Posted on Wednesday, February 15, 2012 by Samantha Braman
Todd Hido, Untitled #9197, 2010
Todd Hido (MFA 1996, and currently a Photography faculty member) has built several remarkable and highly recognizable bodies of work over the two decades of his career thus far. He is best known for his night shots of suburban houses, desolate landscapes obscured by rain and snow, and uneasy, haunting portraits.
"Photographing people and places -- and putting them together to create narratives and suggest stories -- has consistently been my focus," says Hido. "It never ceases to amaze me what happens when you combine a portrait and a place. Your mind can't help filling in the gaps between them."
Hido's latest solo exhibition, Excerpts from Silver Meadows, is on view now through February 25 at Stephen Wirtz Gallery in San Francisco. Sequenced to form an almost cinematic narrative, its main "characters" are atmospheric, uninhabited wintertime landscapes and somewhat spooky portraits of beautiful, dramatic-looking women. Silver Meadows is a real place -- a suburban development that sprang up around 1970 on the outskirts of Kent, Ohio, where Hido grew up, which makes the development and the artist about the same age.
While shooting the pictures, he wandered around Silver Meadows and its adjacent areas deliberately, yet randomly, in search of scenes that would connect with his recollections. The exhibition presents both Hido's reckoning with his own past and a summation of the suburban childhood experience in general, in which communities are constructed from whole cloth, and "ticky tacky" homes, built similarly to convey stability, actually conceal lives seething with sexual and psychological instability. The pictures feel simultaneously familiar, yet imaginary and dreamlike, transcending any specific time and place.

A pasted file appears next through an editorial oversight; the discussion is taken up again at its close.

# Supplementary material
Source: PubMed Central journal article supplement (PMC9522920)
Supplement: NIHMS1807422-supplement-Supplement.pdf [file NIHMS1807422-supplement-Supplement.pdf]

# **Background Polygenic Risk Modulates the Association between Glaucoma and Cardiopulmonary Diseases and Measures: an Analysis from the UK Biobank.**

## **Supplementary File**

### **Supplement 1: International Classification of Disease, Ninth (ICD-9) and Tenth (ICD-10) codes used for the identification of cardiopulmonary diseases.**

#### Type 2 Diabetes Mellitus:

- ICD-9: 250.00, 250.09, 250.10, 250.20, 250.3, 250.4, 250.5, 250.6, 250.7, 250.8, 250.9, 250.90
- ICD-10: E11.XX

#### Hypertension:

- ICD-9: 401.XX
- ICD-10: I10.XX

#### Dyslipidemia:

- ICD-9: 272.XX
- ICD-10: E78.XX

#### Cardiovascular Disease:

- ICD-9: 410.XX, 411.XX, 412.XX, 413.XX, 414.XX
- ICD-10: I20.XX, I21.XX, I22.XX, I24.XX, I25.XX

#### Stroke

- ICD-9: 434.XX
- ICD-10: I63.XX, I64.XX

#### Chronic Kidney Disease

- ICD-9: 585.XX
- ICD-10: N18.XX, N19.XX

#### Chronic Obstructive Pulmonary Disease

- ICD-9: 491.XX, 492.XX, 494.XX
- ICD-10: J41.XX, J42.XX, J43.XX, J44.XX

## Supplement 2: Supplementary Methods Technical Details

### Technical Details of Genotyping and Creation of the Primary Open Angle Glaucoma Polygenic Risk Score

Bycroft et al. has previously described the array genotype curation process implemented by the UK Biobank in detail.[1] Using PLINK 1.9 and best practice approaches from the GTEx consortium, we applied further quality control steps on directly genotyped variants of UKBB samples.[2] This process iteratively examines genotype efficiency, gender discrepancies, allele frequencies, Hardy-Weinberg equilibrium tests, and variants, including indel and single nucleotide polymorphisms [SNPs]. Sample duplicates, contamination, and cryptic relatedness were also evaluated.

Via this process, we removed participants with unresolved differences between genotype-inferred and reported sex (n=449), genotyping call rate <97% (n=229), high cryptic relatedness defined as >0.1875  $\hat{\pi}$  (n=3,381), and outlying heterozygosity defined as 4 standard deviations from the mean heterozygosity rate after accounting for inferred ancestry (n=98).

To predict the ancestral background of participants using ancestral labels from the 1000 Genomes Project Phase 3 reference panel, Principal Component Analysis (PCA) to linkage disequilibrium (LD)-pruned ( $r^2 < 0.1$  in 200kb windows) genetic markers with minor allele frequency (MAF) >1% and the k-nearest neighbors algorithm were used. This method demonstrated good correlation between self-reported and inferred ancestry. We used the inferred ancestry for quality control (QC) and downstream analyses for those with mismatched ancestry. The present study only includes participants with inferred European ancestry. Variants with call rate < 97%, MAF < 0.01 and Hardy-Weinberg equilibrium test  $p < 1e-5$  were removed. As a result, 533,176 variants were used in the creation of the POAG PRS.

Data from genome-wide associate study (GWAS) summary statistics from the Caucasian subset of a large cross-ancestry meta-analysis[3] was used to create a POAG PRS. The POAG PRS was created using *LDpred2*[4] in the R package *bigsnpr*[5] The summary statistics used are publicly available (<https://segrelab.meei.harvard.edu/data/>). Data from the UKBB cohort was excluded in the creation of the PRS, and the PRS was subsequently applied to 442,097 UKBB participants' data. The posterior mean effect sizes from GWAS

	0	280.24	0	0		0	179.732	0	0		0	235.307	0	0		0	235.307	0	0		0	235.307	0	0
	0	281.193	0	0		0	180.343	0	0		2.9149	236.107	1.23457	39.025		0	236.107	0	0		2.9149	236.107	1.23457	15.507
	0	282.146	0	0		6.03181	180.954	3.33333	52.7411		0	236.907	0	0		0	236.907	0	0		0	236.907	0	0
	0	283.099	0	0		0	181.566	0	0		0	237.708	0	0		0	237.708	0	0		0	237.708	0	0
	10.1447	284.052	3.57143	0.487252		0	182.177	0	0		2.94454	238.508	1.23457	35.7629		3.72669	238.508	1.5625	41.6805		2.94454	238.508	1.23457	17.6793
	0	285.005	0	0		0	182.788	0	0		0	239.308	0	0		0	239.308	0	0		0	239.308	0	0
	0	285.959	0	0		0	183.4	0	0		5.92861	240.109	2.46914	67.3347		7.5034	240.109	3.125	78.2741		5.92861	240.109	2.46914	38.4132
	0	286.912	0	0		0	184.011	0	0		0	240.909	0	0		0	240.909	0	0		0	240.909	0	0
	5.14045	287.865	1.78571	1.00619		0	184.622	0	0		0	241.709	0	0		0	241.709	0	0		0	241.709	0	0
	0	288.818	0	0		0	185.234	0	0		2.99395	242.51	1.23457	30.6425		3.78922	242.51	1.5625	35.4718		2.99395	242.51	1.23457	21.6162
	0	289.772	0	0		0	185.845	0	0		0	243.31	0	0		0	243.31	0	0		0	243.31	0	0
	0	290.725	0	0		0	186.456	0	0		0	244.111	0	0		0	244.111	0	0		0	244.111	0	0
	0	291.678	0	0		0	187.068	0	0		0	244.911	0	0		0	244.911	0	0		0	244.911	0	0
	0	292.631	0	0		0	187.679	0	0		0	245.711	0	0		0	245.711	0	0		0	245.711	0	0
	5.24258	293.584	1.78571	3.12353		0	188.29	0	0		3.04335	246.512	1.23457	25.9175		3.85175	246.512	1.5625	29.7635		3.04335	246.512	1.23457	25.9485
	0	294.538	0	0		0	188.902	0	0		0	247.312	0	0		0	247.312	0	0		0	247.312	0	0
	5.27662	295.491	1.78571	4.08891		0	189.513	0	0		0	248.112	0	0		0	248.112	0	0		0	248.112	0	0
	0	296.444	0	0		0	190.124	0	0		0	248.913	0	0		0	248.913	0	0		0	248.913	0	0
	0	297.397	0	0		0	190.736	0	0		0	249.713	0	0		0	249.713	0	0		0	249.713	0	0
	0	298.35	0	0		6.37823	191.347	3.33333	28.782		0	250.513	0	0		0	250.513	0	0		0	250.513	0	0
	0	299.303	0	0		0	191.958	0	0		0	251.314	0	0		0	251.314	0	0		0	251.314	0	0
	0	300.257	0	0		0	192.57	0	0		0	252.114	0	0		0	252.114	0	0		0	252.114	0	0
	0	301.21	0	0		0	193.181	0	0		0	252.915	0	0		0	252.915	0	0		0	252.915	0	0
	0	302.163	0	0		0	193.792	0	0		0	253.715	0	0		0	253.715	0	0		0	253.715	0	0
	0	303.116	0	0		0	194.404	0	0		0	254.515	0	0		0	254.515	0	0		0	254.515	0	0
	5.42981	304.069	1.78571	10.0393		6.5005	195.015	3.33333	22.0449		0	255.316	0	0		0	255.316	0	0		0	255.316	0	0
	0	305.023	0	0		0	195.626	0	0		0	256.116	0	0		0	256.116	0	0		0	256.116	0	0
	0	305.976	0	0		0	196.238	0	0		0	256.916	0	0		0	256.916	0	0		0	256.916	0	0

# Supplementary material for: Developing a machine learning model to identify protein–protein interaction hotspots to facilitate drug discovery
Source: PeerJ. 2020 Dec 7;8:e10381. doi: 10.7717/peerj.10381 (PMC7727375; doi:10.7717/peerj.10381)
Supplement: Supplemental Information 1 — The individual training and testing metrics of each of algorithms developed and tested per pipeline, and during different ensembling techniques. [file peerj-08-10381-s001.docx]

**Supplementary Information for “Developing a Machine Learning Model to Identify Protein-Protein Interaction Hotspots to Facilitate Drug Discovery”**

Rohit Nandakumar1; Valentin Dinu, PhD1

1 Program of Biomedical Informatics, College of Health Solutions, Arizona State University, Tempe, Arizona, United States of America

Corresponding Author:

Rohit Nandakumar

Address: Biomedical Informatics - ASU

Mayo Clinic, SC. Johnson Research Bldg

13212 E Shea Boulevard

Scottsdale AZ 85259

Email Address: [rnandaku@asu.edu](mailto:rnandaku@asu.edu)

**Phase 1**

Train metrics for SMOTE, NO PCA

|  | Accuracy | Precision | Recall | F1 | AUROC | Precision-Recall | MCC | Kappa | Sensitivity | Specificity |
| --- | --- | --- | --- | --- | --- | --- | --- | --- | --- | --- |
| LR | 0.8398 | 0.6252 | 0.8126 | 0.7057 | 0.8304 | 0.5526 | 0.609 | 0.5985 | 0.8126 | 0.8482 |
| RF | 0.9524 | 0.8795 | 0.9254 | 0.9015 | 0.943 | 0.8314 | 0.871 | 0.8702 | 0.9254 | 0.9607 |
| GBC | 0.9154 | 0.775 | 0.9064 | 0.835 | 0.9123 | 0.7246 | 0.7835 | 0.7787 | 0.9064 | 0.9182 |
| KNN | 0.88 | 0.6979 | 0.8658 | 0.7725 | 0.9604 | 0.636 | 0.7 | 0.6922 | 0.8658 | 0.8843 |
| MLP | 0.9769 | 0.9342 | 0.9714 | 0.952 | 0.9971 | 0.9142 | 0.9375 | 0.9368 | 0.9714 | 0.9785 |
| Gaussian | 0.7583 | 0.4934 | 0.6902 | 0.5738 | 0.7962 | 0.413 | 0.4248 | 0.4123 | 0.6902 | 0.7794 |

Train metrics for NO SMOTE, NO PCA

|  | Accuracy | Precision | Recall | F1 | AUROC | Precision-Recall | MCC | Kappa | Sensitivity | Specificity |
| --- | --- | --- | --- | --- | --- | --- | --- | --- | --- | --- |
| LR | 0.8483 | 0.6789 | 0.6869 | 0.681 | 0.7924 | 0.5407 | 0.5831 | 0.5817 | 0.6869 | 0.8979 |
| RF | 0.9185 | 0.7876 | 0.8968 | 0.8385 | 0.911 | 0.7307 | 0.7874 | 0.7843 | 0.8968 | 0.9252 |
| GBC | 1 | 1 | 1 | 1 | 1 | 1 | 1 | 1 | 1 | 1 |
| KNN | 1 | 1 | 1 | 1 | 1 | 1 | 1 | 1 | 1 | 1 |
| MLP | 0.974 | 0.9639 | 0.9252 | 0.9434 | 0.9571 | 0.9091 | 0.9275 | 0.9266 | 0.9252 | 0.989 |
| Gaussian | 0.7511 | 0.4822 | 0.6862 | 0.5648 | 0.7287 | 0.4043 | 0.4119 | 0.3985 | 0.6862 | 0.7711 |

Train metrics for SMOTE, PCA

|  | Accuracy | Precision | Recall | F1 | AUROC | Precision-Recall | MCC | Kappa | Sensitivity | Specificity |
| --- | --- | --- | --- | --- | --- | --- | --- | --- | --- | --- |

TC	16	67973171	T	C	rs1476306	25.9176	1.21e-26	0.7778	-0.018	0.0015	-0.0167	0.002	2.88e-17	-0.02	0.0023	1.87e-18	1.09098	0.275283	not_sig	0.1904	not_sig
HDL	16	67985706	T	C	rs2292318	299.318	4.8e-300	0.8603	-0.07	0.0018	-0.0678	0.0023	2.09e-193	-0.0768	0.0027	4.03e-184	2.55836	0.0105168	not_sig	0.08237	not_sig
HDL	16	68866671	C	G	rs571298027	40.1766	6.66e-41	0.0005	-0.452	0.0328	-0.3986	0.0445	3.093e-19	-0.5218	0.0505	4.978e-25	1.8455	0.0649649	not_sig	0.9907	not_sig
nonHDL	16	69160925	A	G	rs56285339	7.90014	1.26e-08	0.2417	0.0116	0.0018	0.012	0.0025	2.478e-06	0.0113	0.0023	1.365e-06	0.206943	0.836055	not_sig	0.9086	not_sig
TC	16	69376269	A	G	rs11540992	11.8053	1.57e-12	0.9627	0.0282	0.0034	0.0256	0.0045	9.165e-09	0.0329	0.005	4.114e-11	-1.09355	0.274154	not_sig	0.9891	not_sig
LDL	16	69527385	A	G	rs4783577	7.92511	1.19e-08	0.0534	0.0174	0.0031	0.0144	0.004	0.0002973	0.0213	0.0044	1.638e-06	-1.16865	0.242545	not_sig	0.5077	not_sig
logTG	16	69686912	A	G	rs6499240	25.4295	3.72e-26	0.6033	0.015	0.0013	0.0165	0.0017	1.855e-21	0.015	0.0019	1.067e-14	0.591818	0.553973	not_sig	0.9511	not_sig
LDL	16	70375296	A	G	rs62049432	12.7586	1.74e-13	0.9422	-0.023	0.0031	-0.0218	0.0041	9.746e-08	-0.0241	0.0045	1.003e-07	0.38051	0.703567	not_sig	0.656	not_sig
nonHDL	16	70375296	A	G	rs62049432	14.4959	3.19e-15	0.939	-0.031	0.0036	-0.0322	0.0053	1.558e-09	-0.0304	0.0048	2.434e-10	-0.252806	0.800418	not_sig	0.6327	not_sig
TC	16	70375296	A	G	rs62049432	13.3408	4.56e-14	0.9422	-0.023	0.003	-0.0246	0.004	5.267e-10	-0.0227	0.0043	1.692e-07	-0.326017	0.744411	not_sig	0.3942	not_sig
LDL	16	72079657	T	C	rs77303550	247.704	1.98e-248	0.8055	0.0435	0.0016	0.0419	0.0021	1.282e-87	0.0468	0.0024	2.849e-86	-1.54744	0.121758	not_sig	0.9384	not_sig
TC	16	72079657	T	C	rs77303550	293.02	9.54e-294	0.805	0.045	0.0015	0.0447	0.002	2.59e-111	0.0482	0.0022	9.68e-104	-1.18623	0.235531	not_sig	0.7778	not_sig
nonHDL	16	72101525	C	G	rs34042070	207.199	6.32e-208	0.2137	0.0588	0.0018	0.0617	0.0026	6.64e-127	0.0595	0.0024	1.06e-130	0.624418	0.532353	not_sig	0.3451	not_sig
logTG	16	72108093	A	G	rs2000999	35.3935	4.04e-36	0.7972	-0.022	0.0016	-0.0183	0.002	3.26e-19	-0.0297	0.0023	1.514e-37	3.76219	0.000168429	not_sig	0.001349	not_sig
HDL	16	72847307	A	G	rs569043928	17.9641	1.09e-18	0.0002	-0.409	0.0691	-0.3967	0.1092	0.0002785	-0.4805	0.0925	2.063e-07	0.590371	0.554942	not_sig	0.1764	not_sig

Hido works only with film, not digital. His landscape work is made during long road trips in which he often shoots through the windshield of his car, essentially using the windshield as an additional lens. He frequently works during inclement weather, which produces a streaked, blurred visual effect as a veil to advance the mysterious and unsettling tone of the images. When he is in the Bay Area, he can be found shooting in Pacifica or out in the Sacramento River Delta, places that recall the flat and empty landscapes of his Midwestern origins. Lately he has also explored eastern Washington state. "I find the landscape there very much like the landscapes that I recall in my mind from 20 years ago. It doesn't have Walmarts and Home Depots in every town yet; it's actually quite amazing and wonderful. I just know that in some of the small towns I drive through, even though they're only an hour from an airport, many of the residents never leave their own little worlds. They are untouched places."
Anyone who knows Hido will tell you he rarely stops working. "I am constantly making images. In fact it's a problem, because I have so many things I want to print and bring to fruition, and I just can't do it all. The evening after I installed my current show at the Stephen Wirtz Gallery, I went to the darkroom and made 76 contact sheets of new images I shot over the holidays. I am working on printing that stuff right now. I find that it is best to just keep moving after you hang a show and not sit back and wait too long before you start producing images again."